Saturday, September 14, 2019

Another Ten-year Project

Well, almost ten.

Way back in 2010, I bought a pile of 6" square solar cells, with the intention of making a bunch of solar panels.  I had no idea that it would take me this long to finish this effort.  This was a low-priority project, dependent on acquisition of used shower doors for free.  Thanks to craigslist, I was able to find the necessary shower doors, but this took way longer than I anticipated.

Nevertheless, finished it is.  By the time I had built 5 panels, the remaining cells I had were not enough to build that sixth panel, due to breakage in transit, breakage due to my clumsiness (these things are *fragile* - in comparison, a potato chip is way robust), and missing collector busses.  The seller had included extra cells to cover breakage in transit, but sadly none to cover for my clumsiness.  I might be able to resurrect those cells with missing collector busses, but I don't know if that would give me the required 40 cells.  So for now, I am finished.

For each panel, no-load output voltage (at zero current) is about 22V, and short circuit current approaches 8 amps, as advertised.  But as I have mentioned earlier, you don't get to have short circuit current and no-load circuit voltage at the same time.

Something else I have learned is that the output of solar cells is temperature dependent.  The cells produce significantly more power when they are cool than when they are hot.  And that dark color means that they will be hot in the sun.  The highest output I have seen from my array is on a day that is mostly cloudy (panels are shaded), when the sun breaks thru (panels are in direct sun, but still cool).

So, a realistic assessment of the power output from these panels is about 100 watts each, at our lattitude.  This means that I have the capability to produce a little more than 500 watts (including the three little panels that came with Eolian when we got her).  That power is directed into a grid-tie inverter...  there are no batteries in our system.  In essence I am using the power grid as my battery bank.  The inverter turns the output of the panels into 110V, 60 Hz and pushes it back into the line, synced with the line power (if the line power disappears, say during a storm, the inverter automatically shuts off to prevent back-feeding the line).  If my home is drawing more than 500 watts, part of that draw is supplied by the solar panels.  On the other hand, if the house is drawing less than 500 watts, then the solar panel system runs my electric meter backwards.  (With a maximum output of 500 watts, I don't think I will ever need to worry about what happens if I end a month with a negative meter reading.)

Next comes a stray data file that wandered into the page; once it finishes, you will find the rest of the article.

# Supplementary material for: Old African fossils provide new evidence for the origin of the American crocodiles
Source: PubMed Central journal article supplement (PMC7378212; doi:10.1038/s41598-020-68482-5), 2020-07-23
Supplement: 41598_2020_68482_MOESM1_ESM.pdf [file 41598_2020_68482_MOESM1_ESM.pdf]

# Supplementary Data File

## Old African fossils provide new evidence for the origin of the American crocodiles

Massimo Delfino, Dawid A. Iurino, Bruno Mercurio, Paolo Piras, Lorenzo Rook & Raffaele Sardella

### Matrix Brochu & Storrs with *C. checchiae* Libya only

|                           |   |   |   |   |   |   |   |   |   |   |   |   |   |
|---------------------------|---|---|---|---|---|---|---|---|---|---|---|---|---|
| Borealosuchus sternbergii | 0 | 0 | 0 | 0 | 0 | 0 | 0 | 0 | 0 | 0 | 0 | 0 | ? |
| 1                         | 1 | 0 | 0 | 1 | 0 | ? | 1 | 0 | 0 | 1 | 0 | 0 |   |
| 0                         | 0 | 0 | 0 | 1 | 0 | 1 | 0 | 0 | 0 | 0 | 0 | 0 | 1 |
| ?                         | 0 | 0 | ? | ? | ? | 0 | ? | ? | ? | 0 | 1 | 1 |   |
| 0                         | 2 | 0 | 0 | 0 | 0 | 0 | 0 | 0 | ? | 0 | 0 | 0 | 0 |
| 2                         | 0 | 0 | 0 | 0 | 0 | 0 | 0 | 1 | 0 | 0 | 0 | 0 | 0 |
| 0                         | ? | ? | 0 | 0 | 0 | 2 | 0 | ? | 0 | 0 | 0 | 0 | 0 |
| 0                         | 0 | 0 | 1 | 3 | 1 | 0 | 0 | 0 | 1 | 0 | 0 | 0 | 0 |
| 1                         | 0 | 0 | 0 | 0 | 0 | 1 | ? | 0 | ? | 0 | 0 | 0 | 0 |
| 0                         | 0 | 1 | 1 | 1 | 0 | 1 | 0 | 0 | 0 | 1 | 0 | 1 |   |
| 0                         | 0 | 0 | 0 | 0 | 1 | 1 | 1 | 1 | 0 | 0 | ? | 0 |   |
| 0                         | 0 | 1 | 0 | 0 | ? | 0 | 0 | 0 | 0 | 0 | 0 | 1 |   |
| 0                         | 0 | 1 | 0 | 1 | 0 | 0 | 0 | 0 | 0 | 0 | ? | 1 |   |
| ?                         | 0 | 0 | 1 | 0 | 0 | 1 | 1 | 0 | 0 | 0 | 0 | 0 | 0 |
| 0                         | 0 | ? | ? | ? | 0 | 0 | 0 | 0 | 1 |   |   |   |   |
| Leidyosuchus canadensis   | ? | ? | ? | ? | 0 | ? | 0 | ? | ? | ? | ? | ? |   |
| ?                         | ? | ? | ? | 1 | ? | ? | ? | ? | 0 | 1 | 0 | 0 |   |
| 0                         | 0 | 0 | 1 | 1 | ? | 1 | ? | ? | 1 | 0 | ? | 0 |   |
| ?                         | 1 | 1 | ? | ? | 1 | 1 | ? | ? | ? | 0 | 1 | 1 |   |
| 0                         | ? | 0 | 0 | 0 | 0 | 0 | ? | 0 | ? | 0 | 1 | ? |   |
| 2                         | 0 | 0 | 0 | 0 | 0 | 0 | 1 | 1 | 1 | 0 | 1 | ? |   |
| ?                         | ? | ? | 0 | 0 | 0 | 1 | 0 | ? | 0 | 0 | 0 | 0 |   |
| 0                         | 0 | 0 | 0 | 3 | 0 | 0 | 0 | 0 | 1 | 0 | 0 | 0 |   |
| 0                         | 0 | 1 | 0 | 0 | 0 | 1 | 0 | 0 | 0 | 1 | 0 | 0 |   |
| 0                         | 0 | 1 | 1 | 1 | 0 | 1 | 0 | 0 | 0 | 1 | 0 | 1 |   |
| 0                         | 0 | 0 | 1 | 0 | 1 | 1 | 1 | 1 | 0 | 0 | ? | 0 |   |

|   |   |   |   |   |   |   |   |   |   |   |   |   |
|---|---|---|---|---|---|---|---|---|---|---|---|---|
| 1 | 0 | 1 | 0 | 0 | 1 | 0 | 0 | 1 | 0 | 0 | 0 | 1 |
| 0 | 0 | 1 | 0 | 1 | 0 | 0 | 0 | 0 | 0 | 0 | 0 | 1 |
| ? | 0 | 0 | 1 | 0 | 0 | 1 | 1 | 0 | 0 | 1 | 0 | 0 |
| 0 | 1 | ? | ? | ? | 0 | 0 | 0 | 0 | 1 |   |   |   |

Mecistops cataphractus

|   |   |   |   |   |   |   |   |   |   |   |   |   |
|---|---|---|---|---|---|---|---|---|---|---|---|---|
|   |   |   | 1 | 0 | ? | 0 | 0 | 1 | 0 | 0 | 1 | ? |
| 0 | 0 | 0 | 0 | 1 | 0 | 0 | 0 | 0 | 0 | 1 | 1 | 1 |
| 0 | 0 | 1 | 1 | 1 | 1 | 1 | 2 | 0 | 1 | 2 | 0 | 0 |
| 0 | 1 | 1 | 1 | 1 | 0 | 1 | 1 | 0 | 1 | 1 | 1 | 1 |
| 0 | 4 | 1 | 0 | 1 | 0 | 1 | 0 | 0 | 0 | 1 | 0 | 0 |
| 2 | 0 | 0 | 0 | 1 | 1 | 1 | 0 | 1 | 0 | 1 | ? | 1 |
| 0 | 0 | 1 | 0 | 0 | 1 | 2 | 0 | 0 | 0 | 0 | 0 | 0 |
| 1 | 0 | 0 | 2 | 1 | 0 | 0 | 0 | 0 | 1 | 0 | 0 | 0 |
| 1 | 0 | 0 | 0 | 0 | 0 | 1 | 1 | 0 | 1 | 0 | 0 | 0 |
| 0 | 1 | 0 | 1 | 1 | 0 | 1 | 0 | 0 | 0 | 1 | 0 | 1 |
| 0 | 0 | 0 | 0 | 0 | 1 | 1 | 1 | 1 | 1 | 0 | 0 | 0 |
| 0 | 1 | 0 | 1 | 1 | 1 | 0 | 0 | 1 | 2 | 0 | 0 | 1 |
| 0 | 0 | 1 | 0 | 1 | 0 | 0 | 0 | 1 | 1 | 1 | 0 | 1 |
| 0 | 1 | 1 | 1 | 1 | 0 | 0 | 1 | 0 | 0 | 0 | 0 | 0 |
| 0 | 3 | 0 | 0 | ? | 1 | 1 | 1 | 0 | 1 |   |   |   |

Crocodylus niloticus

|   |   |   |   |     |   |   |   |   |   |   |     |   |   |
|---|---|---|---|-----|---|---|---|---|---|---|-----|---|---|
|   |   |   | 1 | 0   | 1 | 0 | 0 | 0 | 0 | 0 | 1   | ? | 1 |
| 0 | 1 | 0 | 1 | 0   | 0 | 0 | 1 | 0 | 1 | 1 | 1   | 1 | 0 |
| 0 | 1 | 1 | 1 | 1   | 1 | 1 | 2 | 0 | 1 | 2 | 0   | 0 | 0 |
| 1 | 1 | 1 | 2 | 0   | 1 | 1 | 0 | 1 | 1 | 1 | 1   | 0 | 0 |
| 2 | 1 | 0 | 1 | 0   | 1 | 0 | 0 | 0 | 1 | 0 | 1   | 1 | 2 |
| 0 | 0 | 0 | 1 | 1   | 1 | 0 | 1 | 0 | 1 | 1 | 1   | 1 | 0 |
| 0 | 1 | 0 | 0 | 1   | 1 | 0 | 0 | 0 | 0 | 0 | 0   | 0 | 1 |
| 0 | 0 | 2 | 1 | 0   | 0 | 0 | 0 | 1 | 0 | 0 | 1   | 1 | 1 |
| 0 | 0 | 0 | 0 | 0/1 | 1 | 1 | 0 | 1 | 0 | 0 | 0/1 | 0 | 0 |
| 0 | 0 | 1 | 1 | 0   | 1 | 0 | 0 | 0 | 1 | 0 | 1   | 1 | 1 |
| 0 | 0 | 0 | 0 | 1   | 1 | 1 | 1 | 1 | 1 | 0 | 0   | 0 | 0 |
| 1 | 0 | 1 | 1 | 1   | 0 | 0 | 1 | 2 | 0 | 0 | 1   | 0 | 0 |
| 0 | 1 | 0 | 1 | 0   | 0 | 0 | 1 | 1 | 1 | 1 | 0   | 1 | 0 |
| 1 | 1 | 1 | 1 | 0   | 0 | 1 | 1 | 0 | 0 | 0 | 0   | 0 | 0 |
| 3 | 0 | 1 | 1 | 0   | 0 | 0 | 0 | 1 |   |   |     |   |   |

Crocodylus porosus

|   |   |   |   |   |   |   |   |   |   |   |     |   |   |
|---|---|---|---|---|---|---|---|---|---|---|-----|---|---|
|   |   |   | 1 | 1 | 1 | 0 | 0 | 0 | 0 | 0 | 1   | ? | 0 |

Sadly, the day that Jane and I got the last panel up onto the roof of my shop was the first day of the fall rainy season.  I have yet to see what the finished system can deliver in sunshine.  Nevertheless, it feels good to tie the ribbons on another long term project.

(The remaining posts on this project can be found here.)


Saturday, August 3, 2019

Drip... Drip...


"What was that," Jane asked.
"I think the water pump just ran," I said.  "It was probably just on the verge, and a little leak back caused it to cycle," I said, hopefully.

15 minutes later...  Brrrrrp...

"OK, no one is using water and the pump just cycled twice.  Either we have a leak somewhere, or the pump is failing."

Hoping for the best case scenario (meaning I would not have to replace the pump...), I started at the bow and checked for water running aft in the bilge.  I didn't find any until I got to the last floor panel.  Yup, there it was:  drip, drip, drip.